: I’ve had to let sink in Ted Koppel’s plan to read the names of all the American soldiers killed in action in Iraq to decide what I think about it.
I take Koppel at his word that this is a tribute to the soldiers and their sacrifice.
I take him at his word that he is not trying to be political:
“My first reaction was I didn’t want it to be seen in any fashion as a political gesture,” Koppel said. “We had to be careful that it could not be seen as political on our part.
“I think it can be seen just as powerfully by people who are totally supportive of the war, as those who aren’t,” he added.
But it is political. It is too reminiscent of Vietnam and of Life Magazine’s statement against that war.
This has become, since that then-groundbreaking print documentary, a journalistic cliche. How many times have we seen such roll calls of death called out: war deaths; drug deaths; AIDS deaths; 9/11 deaths. It has been used so often that to pull it out now is a very conscious effort, a journalistic conceit with a clear purpose and a history that cannot be ignored. It means: Let’s hit the people over the head with what we think they’re ignoring; let’s add it up for them; let’s rub their noses in the enormity of it; let’s remind them of a story nearly ignored.
But the Iraq war is hardly ignored. We don’t need Koppel to bring our attention to the danger and death there.
Had this been positioned as a tribute to the dead and their sacrifice for freedom — if it had come on, say, Memorial Day — then I might not have such an uneasy feeling about it. But it doesn’t.
So it seems to me that the names and faces of the dead are being used — exploited — to make a point.
Like a virus
: Muslim violence spreads to Thailand.
The R card
: Elton John says American Idol is racist. Nevermind that one winner was black. Nevermind that the first people voted off this year were white. A talented black singer was voted off while an untalented white singer with red hair stays on and Elton John throws out the glib charge of racism.
: The Guardian reports that two Danish reporters face jail “after they were formally charged with publishing classified government reports that questioned the existence of weapons of mass destruction in Iraq.”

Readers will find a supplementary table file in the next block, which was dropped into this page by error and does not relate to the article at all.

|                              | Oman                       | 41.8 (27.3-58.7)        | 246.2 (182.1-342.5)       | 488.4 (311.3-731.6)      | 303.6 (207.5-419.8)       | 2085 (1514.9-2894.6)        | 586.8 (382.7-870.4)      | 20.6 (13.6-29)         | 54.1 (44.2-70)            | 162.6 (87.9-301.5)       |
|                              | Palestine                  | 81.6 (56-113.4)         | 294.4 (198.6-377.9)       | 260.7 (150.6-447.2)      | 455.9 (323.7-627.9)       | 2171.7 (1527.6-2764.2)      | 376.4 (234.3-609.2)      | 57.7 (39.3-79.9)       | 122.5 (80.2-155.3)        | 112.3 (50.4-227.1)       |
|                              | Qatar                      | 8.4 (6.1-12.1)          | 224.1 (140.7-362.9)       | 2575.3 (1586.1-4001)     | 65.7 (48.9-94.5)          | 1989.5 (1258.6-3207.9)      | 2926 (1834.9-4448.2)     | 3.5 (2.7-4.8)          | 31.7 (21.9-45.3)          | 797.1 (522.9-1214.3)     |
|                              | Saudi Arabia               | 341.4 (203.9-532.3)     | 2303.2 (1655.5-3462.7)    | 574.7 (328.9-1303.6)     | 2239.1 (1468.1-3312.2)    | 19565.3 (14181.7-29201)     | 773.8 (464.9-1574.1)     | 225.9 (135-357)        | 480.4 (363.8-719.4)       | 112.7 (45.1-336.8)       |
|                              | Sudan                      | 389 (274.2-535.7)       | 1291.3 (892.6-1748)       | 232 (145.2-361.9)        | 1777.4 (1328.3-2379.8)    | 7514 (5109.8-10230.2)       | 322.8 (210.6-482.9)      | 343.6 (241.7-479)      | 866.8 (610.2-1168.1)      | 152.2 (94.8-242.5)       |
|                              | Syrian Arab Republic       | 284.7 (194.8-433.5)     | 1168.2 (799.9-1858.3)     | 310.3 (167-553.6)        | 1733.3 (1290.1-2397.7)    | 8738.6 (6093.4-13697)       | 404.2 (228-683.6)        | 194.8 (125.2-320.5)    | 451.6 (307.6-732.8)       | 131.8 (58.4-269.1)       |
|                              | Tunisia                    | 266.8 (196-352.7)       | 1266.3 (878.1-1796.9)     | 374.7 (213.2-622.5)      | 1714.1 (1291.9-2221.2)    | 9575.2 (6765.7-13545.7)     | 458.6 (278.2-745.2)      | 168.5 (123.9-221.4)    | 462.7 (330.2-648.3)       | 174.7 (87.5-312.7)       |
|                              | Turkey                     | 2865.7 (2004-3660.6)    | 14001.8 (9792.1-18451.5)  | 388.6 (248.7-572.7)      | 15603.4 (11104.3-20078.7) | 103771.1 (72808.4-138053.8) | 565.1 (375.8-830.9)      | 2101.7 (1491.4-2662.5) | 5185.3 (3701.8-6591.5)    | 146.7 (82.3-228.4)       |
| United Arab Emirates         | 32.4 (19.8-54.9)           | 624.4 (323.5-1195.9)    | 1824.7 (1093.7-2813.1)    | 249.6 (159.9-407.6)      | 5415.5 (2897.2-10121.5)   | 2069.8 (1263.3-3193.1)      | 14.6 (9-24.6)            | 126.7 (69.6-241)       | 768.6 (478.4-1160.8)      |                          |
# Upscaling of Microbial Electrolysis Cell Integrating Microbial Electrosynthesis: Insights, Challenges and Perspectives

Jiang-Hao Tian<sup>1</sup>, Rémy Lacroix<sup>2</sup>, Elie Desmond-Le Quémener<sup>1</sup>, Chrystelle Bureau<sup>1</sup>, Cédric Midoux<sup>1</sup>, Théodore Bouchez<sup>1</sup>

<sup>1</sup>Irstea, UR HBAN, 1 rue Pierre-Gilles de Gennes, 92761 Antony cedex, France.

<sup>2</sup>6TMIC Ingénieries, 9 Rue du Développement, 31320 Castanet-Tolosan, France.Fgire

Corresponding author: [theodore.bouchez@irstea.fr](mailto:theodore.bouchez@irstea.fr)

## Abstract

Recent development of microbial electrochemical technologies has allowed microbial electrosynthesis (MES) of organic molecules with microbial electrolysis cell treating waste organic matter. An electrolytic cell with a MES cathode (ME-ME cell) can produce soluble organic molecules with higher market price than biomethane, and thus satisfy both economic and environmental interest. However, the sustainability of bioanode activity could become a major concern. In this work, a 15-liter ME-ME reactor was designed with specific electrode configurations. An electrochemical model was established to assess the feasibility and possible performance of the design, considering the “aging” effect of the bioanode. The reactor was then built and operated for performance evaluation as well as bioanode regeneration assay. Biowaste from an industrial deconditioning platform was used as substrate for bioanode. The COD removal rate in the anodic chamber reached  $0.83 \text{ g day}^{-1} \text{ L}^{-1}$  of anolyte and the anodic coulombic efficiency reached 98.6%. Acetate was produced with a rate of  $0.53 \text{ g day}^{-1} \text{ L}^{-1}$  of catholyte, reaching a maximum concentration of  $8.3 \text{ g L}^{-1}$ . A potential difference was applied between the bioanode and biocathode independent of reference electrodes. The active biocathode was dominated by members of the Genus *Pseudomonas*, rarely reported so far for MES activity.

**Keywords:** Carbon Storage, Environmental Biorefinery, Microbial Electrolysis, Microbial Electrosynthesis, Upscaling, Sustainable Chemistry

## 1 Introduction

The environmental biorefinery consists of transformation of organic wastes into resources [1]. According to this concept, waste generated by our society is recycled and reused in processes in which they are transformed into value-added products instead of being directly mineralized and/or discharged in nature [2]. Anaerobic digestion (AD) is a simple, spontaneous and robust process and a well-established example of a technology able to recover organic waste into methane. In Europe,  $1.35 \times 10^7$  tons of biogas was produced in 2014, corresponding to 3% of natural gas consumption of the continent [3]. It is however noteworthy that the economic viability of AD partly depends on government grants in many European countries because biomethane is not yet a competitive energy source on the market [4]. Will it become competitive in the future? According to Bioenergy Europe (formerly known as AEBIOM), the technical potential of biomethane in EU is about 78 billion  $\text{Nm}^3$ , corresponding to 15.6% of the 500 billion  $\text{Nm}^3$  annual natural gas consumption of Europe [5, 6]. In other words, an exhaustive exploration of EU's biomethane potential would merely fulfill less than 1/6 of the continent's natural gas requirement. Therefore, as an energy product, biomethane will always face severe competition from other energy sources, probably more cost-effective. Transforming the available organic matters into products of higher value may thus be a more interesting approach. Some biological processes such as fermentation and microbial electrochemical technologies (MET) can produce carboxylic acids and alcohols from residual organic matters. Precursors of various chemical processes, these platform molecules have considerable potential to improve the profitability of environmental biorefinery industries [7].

: Cameron Marlow finds a zeitgeist moment:
While walking home from work the other day I passed a group of guys emerging from a pizza joint. After a few handshakes and goodbyes they parted ways and made arrangements for their next meeting. And then one of them yelled across the street, “something me on Thursday.” His friend looked a little confused, but I knew exactly what he was talking about. He added, “IM, call, email… I don’t care.”
Young at mind
: The founder of amNewYork, one of the many free minipapers spreading across the country, tells Time:
“What these kids like is fast, blather free and unbiased,” he says. “Something to give them a good, comprehensive scan of the country in 20 minutes.”
Well, I’d say that’s true not only of “these kids” but of everyone: Who wants to waste time reading the news just because writers and editors like to blather? That’s why Metro and similar papers have succeeded around the world. That’s why the Web has succeeded as a news medium! Just because it’s short, that doesn’t mean it’s young (or dumb); short is efficient.
The Daily Stern
: COVER STORY: The magazine article I wrote the FCC, the First Amendment, and Howard Stern will be the cover story in the next issue of The Nation. This was the story I pulled from another magazine after a bad edit. Micah Sifry sent it to The Nation’s Katrina vanden Heuvel and now it’s on the cover. They tell me the story will be up online this week; I’ll link to it as soon as it is.
: THE PEOPLE SPEAK: The exodus of listeners from Clear Channel stations that dropped Howard Stern is breathtaking:
When they dropped his show from six stations at the end of February, Clear Channel expected a morning ratings exodus to follow. In San Diego, they got it. With Stern, KIOZ was No. 1 12+ in February with an 8.9. Without him, the station’s morning drive ratings crashed to a 27th place 0.7 in March. The in-demo decline was even more spectacular: 12.7 to 0.7 in Men 18+, 20.6 to 0.8 in 18-34, and 10.1 to 1.0 in 25-54.
To translate: The ratings for the station plummeted from 8.9 to 0.7; the ratings for men 18+ imploded from 20.6 to 0.8.
The people have spoken, again.
The FCC is protecting no one.
: THIS SUCKS: NPR attorneys are telling Fresh Air that they can’t say “suck.”
: FIGHT BACK: Viacom has filed a formal objection to the first of the recent FCC fines against Stern.
: STERN POWER: The LA Times discovers the political power of Stern:
The long-sought liberal talk radio hero isn’t Air America’s Al Franken, but that walking, talking wedge issue, Howard Stern…..
Like his audience, Stern has always been broadly misunderstood. Calling Stern a “shock jock” does him an injustice, lumping him in with his lesser imitators and with the gross-out inanities of reality TV. In fact, Stern is a provocateur and comic talent in the tradition of Lenny Bruce. Whether his subject is sex, scatology, show business or his own failures and insecurities, he has brought unprecedented frankness to the airwaves. The real “shock”
: Iraqi blogger Mohammad doesn’t want no stinkin’ UN running his country:
When I heard about the decision of the coalition to get UN involved the in the process of authority handover, I grew really restless, and what made me more worried is that